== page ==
Each shutter type has its advantages and disadvantages. Leaf shutters can synchronize with most flashes at any speed, and tend to be quieter and more compact than focal plane shutters. However, unlike focal plane shutters, their mechanical complexity typically limits them to speeds of 1/500 sec. or less. Having interchangeable lenses necessitates a shutter in each lens, like the Hasselblad 500, a behind the lens shutter, like the Paxette, or lens arrangements where only the front half of the lens can be exchanged, like the many German rangefinder cameras of the 1960s. Today, between-lens leaf shutters’ one remaining stronghold is in large format photography.
Focal plane shutters, mounted immediately in front of the film plane, readily allow for interchangeable lenses and are capable of very fast shutter speeds. However, they are noisy, less durable than well-crafted leaf shutters, and, when combined with the bounce of a reflex mirror flipping upward, cause a significant degree of camera shake. In addition, the progressive movement of the curtain slit across the film results in distortion of the shape of a fast-moving object, which is actually in a different position as the curtain exposes different parts of the film. Modern designs, with vertically-traveling lightweight shutter blades, have partially remedied these problems. Finally, care must be taken not to leave cameras with focal plane shutters uncovered in the sun, as the sun’s image focused on the curtain can actually burn holes in the curtain.
Some of the historical data on shutter development is covered in more detail in Rudolf Kingslake’s excellent article on the Rochester, NY camera companies. Many superb photographs of early shutters and vintage cameras can be viewed on the “Early Photography” web site and on Wagner Lungov’s site. The Early Photography site is one of the best on the internet and has excellent discussions of shutter mechanics and function. Images from this site are designated (EP). Special thanks are in order to both of these authors for use of images of antique shutters. Klaus-Eckhard Reiss’ web site is a rich and insightful analysis on the development of the Compur shutter and the demise of the German camera industry.
For aficionados of vintage cameras, one site that must not be missed is David Tristram Ludwig’s “Antique Cameras” collection (http://www.dtristramludwig.com). David’s collection is one of the finest in the world, and his photographic images are excellent. David was kind enough to allow me to use his images of the American Optical camera with the Sands Hunter Shutter and the Bausch and Lomb 1891 Diaphragm Shutter (after he had reminded me tartly that I forgotten to cite him – I do get it right most of the time!).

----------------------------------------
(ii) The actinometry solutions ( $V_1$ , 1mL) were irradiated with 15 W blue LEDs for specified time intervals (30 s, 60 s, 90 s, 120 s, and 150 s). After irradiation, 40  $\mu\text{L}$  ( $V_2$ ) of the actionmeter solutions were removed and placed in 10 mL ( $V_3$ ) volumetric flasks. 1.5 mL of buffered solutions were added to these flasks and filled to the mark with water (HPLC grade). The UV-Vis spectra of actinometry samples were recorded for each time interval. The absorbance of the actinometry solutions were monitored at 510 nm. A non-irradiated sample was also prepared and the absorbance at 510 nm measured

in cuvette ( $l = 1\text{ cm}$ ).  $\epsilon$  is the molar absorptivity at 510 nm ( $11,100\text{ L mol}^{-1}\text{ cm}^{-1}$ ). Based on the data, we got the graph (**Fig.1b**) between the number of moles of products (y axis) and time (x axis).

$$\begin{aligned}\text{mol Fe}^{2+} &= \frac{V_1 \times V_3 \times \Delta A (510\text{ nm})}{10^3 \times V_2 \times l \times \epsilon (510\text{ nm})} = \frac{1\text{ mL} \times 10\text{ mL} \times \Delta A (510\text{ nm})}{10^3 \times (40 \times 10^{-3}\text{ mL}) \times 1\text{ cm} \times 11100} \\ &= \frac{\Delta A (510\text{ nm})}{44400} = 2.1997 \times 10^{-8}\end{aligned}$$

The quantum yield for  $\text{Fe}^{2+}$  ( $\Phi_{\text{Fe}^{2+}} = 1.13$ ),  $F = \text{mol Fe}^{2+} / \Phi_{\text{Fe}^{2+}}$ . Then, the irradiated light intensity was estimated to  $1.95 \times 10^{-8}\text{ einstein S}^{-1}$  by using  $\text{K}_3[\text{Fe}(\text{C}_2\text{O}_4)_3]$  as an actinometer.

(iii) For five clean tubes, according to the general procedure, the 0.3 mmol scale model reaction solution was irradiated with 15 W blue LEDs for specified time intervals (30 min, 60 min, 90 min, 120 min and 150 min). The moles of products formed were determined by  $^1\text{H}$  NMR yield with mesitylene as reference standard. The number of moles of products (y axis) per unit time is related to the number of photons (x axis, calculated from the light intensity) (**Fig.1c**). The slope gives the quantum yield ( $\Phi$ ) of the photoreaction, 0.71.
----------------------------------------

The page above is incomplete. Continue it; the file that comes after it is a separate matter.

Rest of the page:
This article provides a survey of the development of the photographic shutter. Pneumatic shutters, clockwork leaf shutters, and curtain shutters will be described in more detail in subsequent postings.
Cosens, Robert. “Photographers of Great Britain and Ireland 1840 – 1940: William England.” http://www.cartedevisite.co.uk/photographers-category/biographies/england-william/.
“Diaphragm or Leaf Shutter.” Living Image Camera Museum article. http://licm.org.uk/livingImage/Shutters-Leaf.html
“Early Photography.” http://www.earlyphotography.co.uk/index.html.
“Exposure.” Wikipedia Article. http://en.wikipedia.org/wiki/Exposure_%28photography%29.
Kingslake, Rudolf. “A History of the Rochester, NY Camera and Lens Companies.” http://www.nwmangum.com/Kodak/Rochester.html#Ilex.
“Leaf Shutter.” Camerapedia article. http://www.camerapedia.org/wiki/Leaf_shutter
Ludwig, David Tristram. “Antique Cameras.” http://www.dtristramludwig.com.
Lungov, Wagner. “Photographs of my Family and Other Adventures.” http://www.lungov.com/wagner/index.html.
Purdum, Ernest. Online posting for Large Format Photography Forum. 2006. http://www.largeformatphotography.info/shutters-history-and-use.html.
Reiss, Klaus-Eckhard. “Up and Down with Compur: The Development and Photo-Historical Meaning of Leaf Shutters.” http://www.kl-riess.dk/compur.eng.html.
“Reprinted Company Catalogs.” Craig Camera Web Page. http://www.daguerreotype.com/lit_catalogreprints.htm.
Urban Exploration Forum. “Wollensak, the Time capsule.” http://www.uer.ca/forum_showthread_archive.asp?fid=14&threadid=44384.
Wikipedia article. “Focal Plane Shutters.” http://en.wikipedia.org/wiki/Focal-plane_shutter.
“Wollensak Lenses and Shutter Catalog, 1919.” http://www.cameraeccentric.com/html/info/wollensak_13.html.